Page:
Why do we care about website errors if everything looks like it's working?
Because Google has found all these errors and is downgrading the search ranking of our site accordingly.
Google Search Console makes identifying and fixing server and URL errors much easier than it would be otherwise.
We recently did a partial redesign of our agency site ACROGlobal.com. Looking at the pages of the finished product - over and over - we could see nothing wrong with it.
But then after allowing time for Google to crawl the revised site, we looked at Google Search Console.
Tip: First thing after logging in to Search Console and selecting a domain to look at, make sure Search Console is getting its data from the preferred version of your site's URLs that you chose when setting up Search Console: http://domain.com or http://www.domain.com. Data will differ between the two. If you haven't set a preferred version, look at data from both versions. One may have no data - pick the other one. Then at the end of this exercise, choose a preferred version for future use.
At the top right of the Dashboard, you can see which version Search Console is choosing to present :
If that's not the preferred version, change it in the dropdown.
The left-side menu of Search Console looks like this:
To see what errors Google has found, click Crawl Errors.
Here's what we found there:
That screen tells us several things:
- Google detected no site errors , that is, Googlebot wasn't blocked from crawling any important parts of the site by our robots.txt file or otherwise.
- Google's Desktop bot found one URL - the subdirectory /services/ as indicated near the bottom of the screen- with a "soft 404" error. That means the URL doesn't exist but the server didn't return a 404 error when the bot requested it.
- Google's Desktop bot also found 25 404 (Not Found) errors.
Dealing first with the soft 404 error:
The reason this is occurring is: for security reasons, along with several legitimate page URLs, /services/ contains an index file consisting of simply "<p><strong>ACCESS DENIED</strong></p>". Obviously there should be no links to this, but Google found one.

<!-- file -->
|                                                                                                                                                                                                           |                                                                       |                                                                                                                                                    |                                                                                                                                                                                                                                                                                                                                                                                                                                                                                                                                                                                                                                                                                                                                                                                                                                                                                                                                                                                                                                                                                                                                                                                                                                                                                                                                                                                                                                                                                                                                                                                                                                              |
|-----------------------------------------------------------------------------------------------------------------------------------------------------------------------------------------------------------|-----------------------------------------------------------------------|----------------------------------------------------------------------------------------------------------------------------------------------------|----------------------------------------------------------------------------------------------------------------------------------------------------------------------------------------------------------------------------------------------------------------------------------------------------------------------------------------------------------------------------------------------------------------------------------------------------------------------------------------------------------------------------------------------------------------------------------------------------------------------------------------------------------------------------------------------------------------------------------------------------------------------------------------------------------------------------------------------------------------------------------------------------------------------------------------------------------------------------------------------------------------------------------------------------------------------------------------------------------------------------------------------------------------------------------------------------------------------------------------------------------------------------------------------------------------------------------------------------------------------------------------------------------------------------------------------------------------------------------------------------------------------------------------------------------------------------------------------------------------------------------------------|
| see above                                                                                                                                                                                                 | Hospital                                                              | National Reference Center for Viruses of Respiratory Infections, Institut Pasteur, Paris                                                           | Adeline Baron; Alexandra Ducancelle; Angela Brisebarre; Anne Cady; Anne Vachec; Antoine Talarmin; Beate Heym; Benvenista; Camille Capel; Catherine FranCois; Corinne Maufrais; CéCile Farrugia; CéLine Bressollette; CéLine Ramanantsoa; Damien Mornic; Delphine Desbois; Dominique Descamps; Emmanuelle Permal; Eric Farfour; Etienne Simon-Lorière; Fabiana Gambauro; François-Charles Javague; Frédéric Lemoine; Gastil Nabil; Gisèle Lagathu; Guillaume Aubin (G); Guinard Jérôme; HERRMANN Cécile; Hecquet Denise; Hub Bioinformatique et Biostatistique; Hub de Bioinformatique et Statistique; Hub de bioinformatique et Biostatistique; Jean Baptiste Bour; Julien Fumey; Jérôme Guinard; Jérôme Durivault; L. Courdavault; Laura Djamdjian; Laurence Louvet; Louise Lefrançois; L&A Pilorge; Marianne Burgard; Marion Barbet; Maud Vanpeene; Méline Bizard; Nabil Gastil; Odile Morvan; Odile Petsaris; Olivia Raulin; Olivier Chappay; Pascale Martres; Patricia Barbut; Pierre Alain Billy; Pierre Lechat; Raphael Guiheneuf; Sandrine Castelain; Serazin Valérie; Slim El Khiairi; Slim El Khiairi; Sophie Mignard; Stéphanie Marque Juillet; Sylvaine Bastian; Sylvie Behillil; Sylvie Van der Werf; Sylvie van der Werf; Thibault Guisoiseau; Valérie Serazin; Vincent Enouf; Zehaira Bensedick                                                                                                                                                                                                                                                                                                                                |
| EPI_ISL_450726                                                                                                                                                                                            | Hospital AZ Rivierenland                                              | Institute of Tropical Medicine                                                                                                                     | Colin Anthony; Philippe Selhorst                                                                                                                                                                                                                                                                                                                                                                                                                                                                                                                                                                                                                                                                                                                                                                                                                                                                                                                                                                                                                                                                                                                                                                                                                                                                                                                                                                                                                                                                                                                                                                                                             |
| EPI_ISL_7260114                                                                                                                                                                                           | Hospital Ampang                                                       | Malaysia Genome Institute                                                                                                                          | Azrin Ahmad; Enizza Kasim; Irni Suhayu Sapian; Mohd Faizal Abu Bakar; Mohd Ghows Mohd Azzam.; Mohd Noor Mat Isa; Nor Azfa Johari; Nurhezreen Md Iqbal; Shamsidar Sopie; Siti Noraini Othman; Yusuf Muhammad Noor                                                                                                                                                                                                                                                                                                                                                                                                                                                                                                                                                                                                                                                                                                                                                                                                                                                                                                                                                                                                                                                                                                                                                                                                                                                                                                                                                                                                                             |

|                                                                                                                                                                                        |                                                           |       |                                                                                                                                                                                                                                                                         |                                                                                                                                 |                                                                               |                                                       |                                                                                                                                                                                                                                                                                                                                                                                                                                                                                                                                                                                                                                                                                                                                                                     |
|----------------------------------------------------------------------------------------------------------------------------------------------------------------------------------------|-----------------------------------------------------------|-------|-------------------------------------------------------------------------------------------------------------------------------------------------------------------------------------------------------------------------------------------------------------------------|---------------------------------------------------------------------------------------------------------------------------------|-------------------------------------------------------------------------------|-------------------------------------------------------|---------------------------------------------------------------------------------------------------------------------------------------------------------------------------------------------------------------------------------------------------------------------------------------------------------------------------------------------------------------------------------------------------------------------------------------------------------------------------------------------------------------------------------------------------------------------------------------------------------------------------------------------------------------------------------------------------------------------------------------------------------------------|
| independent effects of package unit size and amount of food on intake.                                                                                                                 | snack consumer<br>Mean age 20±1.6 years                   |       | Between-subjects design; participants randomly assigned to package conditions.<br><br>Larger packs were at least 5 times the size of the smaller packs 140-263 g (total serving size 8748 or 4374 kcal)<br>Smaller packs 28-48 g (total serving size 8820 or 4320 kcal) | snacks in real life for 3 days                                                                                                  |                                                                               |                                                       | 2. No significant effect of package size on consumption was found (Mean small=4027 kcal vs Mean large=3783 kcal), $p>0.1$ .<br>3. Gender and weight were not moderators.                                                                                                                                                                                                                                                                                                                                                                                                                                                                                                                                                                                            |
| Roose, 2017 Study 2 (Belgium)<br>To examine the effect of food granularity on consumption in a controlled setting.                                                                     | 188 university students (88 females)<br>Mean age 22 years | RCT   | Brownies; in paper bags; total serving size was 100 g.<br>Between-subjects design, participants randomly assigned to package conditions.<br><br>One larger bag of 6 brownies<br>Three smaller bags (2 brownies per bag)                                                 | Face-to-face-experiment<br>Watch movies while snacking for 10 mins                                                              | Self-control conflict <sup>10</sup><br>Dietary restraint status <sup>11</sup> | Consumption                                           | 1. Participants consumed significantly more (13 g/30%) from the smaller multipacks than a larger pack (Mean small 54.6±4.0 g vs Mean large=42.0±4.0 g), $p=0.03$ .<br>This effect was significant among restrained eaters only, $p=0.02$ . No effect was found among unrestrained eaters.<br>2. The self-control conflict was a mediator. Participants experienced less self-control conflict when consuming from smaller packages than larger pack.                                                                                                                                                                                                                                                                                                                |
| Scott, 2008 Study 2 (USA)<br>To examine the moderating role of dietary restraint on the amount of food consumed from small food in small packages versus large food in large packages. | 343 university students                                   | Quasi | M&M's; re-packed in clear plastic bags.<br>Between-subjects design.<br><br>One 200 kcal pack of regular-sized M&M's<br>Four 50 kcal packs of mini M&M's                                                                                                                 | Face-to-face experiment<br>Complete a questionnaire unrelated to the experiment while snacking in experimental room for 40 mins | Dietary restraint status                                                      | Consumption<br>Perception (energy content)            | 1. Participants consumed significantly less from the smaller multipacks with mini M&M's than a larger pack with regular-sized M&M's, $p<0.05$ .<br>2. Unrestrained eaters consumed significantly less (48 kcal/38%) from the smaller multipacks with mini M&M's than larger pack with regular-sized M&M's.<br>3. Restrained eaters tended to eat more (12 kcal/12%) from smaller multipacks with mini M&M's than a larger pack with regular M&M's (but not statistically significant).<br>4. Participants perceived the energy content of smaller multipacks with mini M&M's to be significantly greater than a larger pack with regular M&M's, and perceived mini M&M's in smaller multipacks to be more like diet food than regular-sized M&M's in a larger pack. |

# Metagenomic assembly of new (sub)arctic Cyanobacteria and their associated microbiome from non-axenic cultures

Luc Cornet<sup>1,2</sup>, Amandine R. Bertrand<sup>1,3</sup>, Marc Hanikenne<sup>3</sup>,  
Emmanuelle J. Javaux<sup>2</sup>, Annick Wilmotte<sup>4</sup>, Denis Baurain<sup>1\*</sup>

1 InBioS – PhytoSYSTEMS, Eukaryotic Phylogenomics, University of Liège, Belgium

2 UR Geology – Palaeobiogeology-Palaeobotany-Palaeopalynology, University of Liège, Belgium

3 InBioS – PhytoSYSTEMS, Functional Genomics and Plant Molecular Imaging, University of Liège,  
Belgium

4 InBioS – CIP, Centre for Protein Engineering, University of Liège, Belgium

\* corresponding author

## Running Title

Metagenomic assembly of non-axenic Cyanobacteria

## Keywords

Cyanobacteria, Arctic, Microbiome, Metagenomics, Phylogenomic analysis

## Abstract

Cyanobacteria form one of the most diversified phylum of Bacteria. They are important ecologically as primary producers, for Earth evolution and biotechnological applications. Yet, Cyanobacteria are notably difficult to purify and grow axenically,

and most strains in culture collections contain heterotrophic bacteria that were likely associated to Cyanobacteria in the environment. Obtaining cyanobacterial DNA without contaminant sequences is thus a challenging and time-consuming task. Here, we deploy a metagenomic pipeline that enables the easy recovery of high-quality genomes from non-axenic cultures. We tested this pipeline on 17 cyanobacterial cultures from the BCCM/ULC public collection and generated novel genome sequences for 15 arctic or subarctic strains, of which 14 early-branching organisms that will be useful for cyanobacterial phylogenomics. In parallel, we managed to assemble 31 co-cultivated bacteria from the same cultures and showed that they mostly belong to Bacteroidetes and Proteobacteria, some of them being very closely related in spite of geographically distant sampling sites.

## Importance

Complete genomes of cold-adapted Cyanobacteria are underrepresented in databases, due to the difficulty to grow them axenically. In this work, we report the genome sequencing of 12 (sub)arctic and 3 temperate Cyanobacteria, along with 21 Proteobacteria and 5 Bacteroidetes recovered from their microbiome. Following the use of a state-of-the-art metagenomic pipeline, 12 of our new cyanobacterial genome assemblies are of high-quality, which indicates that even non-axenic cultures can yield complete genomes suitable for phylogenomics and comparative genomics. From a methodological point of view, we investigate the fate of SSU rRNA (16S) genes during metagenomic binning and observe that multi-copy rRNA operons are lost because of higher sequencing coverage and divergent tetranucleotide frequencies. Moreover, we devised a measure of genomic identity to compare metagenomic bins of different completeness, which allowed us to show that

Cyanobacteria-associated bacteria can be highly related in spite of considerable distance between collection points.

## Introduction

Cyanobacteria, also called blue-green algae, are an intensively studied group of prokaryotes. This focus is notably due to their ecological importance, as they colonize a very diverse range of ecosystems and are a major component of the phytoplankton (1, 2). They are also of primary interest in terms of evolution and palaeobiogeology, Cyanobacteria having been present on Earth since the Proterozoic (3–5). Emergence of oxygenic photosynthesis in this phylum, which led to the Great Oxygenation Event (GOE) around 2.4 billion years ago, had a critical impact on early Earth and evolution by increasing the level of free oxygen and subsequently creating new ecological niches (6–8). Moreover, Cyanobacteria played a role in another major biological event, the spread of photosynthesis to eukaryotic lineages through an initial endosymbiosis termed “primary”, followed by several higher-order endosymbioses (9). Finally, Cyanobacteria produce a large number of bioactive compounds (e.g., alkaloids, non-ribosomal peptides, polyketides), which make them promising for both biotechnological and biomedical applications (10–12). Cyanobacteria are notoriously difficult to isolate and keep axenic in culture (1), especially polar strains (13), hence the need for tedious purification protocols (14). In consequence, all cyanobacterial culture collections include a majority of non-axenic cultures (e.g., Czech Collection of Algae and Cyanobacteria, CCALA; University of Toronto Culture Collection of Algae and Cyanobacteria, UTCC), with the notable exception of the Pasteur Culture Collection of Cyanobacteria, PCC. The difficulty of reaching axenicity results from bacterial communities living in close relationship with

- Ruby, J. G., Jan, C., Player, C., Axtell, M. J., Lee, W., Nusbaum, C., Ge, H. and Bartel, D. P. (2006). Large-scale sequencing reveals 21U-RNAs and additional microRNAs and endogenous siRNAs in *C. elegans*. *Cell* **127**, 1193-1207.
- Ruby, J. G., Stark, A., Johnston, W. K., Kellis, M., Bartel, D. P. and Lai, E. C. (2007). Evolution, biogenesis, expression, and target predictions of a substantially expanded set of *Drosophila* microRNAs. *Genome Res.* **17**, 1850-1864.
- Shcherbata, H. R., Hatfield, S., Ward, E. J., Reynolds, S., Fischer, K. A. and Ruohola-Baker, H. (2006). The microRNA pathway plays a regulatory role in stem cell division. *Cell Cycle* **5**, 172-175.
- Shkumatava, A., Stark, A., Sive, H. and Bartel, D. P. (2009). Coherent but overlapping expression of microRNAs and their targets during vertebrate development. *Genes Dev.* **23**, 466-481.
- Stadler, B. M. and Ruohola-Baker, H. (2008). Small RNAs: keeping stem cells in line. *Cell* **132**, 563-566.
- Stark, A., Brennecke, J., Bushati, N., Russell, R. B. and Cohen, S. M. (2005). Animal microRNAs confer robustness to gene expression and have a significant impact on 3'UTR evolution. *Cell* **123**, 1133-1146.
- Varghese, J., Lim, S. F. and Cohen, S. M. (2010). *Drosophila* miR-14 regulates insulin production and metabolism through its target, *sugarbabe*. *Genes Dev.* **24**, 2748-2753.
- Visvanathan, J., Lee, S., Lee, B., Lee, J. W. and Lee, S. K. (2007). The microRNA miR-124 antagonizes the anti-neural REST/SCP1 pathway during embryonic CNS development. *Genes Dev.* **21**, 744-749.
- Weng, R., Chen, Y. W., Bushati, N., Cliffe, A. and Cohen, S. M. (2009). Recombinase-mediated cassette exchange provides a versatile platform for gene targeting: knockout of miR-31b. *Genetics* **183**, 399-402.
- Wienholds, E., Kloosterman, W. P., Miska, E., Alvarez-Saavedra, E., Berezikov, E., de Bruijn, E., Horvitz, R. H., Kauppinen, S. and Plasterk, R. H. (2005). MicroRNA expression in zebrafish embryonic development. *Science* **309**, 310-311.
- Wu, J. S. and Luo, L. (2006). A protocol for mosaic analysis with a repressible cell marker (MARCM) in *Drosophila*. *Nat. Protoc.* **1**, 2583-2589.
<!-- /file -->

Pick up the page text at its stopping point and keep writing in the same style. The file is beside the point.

So where is this link?
Toi find out, we clicked on services/ in the screen above, and on the Linked from tab of the following screen found this:
No wonder we didn't immediately spot this - it's on a different site! Fix is very straightforward - just open the source code of those 3 pages and remove the offending link.
Now for the 25 404 errors:
Clicking on the Not Found tab of the Crawl Errors screen produces the following (showing here only the first three 404s, for simplicity):
Each of those URLs (pages) existed at one time or another on old versions of ACROGlobal.com, but not on the new version. We checked each one to find out where the broken link is. Here's what we found by clicking on "analytics.htm" and going to the Linked From tab of the next screen:
So despite our fine-tooth-combing of our new site version, we missed this broken link on five of our own pages. Easy fix.
But sacré bleu! The same broken link also exists on the blog of the HEC Montreal Business School! We'll have to ask them to fix that!
Removing or changing all of these URLs producing crawl errors will make Google happier with ACROGlobal.com and possibly other of our sites also.
That makes this sometimes tedious process well worthwhile.
More on the Search Console later.
In the meantime, if you have questions of comments, please send them along.